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White v. Berryhill

United States District Court, D. Montana, Billings Division

March 1, 2018

TONYA L. WHITE, Plaintiff,
NANCY A. BERRYHILL, Acting Commissioner of the Social Security Administration, Defendant.



         On July 17, 2016, Plaintiff Tonya L. White (“Plaintiff”) filed a complaint pursuant to 42 U.S.C. § 405(g) of the Social Security Act, requesting judicial review of the final administrative decision of the Commissioner of Social Security (“Commissioner”) regarding the denial of Plaintiff's claim for disability insurance benefits (“DIB”) and supplemental security income (“SSI”) under Titles II and XVI of the Social Security Act (“the Act”), 42 U.S.C. §§ 401-433, 1381-1383f. (Doc. 2.) On October 24, 2016, the Commissioner filed an Answer (Doc. 17) and the Administrative Record (“A.R.”). (Doc. 18.)

         Presently before the Court is Plaintiff's motion for summary judgment, seeking reversal of the Commissioner's denial and remand for an award of disability benefits. (Doc. 22.) The motion is fully briefed and ripe for the Court's review. (Docs. 31, 34.)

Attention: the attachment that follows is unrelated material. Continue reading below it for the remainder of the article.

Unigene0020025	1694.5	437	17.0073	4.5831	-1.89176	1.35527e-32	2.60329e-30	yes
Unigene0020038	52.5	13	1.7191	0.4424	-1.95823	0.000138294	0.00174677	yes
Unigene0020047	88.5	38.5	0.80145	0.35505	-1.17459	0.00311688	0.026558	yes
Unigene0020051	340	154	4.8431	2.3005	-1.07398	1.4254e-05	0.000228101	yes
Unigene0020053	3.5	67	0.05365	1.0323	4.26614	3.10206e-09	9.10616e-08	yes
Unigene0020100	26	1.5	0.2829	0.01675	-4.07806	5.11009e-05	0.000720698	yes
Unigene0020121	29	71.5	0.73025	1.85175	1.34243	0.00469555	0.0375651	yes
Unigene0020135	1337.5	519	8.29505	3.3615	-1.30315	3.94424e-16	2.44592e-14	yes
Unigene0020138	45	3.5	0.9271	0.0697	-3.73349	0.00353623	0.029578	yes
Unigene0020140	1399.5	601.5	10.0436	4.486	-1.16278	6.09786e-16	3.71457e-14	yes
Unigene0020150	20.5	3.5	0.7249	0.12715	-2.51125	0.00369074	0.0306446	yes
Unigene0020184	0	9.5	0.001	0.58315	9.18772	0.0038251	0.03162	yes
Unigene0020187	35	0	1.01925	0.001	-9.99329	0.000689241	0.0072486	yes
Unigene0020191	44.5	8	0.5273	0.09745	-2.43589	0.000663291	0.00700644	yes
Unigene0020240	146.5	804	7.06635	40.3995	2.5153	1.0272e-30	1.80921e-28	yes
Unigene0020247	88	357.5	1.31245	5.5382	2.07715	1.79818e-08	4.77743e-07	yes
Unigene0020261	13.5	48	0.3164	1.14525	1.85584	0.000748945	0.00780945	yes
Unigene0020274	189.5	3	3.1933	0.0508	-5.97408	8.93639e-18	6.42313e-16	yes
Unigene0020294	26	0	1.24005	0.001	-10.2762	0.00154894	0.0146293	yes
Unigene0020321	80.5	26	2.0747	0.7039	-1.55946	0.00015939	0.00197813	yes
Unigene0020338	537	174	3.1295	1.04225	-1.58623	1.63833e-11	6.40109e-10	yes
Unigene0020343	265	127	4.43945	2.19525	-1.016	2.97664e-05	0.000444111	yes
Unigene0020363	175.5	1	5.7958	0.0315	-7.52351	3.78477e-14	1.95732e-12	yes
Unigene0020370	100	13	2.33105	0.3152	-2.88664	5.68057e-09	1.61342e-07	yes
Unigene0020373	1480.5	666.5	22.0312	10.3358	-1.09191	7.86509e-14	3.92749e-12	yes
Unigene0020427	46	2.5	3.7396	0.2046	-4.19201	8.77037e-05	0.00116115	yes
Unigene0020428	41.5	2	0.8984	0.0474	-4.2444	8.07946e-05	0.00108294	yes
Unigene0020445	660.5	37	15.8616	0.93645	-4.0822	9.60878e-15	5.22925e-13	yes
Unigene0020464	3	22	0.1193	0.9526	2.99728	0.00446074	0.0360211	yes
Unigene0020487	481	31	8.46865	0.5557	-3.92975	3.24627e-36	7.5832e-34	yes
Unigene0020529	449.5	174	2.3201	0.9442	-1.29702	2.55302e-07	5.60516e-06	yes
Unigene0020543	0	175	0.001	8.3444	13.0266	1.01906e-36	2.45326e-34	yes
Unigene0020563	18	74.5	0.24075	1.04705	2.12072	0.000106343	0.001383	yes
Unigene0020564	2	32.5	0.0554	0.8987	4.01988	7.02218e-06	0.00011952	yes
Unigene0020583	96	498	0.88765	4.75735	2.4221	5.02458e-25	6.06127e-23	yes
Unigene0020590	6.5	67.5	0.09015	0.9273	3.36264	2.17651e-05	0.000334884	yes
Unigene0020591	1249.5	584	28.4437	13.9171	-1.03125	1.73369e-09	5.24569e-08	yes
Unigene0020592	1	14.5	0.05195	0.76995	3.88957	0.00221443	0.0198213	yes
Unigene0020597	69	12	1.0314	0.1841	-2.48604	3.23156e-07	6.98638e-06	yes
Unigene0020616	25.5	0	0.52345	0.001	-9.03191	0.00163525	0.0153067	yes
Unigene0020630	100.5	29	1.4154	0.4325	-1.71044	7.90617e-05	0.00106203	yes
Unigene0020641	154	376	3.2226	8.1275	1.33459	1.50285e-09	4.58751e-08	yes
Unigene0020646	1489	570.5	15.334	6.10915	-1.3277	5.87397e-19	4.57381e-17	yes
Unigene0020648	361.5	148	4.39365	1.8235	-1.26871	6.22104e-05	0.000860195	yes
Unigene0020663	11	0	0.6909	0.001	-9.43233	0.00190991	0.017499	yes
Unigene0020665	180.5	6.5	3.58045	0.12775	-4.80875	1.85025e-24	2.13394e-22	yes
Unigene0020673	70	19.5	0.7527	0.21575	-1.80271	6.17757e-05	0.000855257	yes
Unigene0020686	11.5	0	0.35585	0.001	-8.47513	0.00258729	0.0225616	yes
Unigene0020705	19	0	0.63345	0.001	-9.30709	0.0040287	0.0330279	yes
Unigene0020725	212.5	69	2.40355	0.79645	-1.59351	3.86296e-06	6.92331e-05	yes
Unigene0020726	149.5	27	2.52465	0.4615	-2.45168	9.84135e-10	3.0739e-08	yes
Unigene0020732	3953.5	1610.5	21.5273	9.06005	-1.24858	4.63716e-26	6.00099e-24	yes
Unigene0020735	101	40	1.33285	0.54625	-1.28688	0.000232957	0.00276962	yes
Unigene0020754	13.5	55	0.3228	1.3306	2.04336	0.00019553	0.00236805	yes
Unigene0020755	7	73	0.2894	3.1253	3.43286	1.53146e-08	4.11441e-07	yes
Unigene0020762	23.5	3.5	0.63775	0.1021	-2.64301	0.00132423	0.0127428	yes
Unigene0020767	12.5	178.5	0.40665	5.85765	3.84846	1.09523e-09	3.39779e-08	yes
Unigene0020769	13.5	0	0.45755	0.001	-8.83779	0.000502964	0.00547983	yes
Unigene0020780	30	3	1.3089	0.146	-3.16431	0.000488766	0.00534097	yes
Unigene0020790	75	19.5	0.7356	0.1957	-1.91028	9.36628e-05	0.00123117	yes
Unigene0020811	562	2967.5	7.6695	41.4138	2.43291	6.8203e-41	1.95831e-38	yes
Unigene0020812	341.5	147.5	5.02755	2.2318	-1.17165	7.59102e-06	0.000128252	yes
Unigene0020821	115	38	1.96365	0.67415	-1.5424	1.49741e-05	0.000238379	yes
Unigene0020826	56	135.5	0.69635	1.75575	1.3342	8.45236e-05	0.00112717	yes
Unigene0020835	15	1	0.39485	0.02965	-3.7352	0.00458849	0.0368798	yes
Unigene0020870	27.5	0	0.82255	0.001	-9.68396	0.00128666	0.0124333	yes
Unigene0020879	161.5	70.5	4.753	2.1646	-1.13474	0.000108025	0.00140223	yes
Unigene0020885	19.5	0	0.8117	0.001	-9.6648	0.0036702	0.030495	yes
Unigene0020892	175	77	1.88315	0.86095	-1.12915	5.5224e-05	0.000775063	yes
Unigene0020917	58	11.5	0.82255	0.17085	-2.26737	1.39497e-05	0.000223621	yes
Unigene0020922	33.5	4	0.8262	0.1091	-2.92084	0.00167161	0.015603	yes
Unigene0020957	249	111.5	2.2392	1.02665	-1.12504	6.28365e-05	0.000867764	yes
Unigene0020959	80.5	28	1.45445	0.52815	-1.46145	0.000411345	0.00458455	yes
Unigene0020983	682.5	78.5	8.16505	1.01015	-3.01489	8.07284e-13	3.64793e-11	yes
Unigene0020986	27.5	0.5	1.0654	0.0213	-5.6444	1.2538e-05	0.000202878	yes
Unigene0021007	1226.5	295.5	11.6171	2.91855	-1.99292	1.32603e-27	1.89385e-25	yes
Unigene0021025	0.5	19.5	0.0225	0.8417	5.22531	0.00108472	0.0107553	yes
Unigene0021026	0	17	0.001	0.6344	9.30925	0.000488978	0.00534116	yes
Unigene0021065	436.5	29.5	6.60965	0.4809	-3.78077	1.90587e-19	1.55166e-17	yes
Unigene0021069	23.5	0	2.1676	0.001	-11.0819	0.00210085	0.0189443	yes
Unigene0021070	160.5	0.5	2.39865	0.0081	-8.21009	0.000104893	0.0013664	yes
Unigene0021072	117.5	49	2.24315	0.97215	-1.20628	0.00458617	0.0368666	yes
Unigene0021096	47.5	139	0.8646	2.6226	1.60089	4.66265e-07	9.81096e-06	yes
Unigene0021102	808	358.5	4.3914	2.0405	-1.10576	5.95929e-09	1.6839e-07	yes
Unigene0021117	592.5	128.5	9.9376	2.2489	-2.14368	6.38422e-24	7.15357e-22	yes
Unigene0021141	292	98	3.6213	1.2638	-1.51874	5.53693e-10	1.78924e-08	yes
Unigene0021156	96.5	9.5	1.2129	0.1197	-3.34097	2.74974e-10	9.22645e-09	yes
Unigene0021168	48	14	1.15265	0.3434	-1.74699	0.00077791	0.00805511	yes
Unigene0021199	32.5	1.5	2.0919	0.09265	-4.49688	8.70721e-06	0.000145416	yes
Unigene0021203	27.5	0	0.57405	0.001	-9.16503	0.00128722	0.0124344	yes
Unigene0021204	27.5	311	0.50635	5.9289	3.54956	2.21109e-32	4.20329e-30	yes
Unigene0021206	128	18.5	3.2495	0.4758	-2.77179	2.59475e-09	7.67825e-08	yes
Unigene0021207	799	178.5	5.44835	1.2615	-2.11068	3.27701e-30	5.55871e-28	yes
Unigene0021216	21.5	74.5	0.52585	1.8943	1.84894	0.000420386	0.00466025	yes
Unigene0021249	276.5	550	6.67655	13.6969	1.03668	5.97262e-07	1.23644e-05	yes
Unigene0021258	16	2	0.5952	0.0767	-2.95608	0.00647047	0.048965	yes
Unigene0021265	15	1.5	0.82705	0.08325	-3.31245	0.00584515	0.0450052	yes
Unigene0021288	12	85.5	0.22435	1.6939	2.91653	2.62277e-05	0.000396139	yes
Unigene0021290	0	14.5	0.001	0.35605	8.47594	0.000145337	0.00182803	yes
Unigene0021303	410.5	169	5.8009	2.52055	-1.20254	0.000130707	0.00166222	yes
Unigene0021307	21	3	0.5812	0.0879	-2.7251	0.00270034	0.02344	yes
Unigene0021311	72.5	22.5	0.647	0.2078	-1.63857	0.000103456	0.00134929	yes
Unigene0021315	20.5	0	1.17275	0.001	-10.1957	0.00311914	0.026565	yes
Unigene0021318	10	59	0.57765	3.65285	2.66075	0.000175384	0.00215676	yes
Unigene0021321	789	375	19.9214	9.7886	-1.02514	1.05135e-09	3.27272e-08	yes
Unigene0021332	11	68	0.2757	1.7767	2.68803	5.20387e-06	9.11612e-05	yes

For the reasons set forth herein, and after careful consideration of the record and the applicable law, the Court makes the following recommendations.


         Plaintiff filed an application for DIB and SSI benefits in December 2012. (A.R. 197-203.) Plaintiff alleged she has been unable to work since January 1, 2012. (A.R. 197.) The Social Security Administration denied Plaintiff's application initially on May 1, 2013, and upon reconsideration on October 8, 2013. (A.R. 113-122, 124-134.) On October 23, 2013, Plaintiff filed a written request for a hearing. (A.R. 146-148.) Administrative Law Judge Michael A. Kilroy (the “ALJ”) held a hearing on September 16, 2014. (A.R. 32-111.) On December 18, 2014, the ALJ issued a written decision finding Plaintiff not disabled. (A.R. 8-31.) Plaintiff requested review of the decision on February 9, 2015. (A.R. 7.) The ALJ's decision became final on May 17, 2016, when the Appeals Council denied Plaintiff's request for review. (A.R. 1-6.) Thereafter, Plaintiff filed the instant action.


         A. Scope of Review